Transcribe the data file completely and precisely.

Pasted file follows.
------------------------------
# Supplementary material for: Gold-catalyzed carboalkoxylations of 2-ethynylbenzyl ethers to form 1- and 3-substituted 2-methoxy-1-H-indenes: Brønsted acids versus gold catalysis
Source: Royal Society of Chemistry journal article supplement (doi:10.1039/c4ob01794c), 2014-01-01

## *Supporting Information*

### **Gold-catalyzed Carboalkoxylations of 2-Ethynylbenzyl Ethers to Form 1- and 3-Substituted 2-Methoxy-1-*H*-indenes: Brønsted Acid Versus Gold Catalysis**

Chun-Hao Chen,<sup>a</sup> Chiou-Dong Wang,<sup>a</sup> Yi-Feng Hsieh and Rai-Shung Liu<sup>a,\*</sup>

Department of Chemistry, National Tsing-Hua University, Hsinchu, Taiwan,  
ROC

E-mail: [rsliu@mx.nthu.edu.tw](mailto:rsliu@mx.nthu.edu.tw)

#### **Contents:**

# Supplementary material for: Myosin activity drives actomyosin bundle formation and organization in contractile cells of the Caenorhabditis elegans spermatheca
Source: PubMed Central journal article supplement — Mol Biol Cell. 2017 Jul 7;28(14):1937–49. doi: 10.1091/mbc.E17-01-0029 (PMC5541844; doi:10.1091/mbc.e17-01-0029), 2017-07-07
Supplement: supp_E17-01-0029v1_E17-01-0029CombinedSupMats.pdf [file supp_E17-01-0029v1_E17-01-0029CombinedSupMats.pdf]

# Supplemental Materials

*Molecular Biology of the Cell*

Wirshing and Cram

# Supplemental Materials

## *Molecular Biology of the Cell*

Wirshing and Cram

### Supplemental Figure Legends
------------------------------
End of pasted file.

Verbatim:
# Supplementary material for: Gold-catalyzed carboalkoxylations of 2-ethynylbenzyl ethers to form 1- and 3-substituted 2-methoxy-1-H-indenes: Brønsted acids versus gold catalysis
Source: Royal Society of Chemistry journal article supplement (doi:10.1039/c4ob01794c), 2014-01-01

## *Supporting Information*

### **Gold-catalyzed Carboalkoxylations of 2-Ethynylbenzyl Ethers to Form 1- and 3-Substituted 2-Methoxy-1-*H*-indenes: Brønsted Acid Versus Gold Catalysis**

Chun-Hao Chen,<sup>a</sup> Chiou-Dong Wang,<sup>a</sup> Yi-Feng Hsieh and Rai-Shung Liu<sup>a,\*</sup>

Department of Chemistry, National Tsing-Hua University, Hsinchu, Taiwan,  
ROC

E-mail: [rsliu@mx.nthu.edu.tw](mailto:rsliu@mx.nthu.edu.tw)

#### **Contents:**

# Supplementary material for: Myosin activity drives actomyosin bundle formation and organization in contractile cells of the Caenorhabditis elegans spermatheca
Source: PubMed Central journal article supplement — Mol Biol Cell. 2017 Jul 7;28(14):1937–49. doi: 10.1091/mbc.E17-01-0029 (PMC5541844; doi:10.1091/mbc.e17-01-0029), 2017-07-07
Supplement: supp_E17-01-0029v1_E17-01-0029CombinedSupMats.pdf [file supp_E17-01-0029v1_E17-01-0029CombinedSupMats.pdf]

# Supplemental Materials

*Molecular Biology of the Cell*

Wirshing and Cram

# Supplemental Materials

## *Molecular Biology of the Cell*

Wirshing and Cram

### Supplemental Figure Legends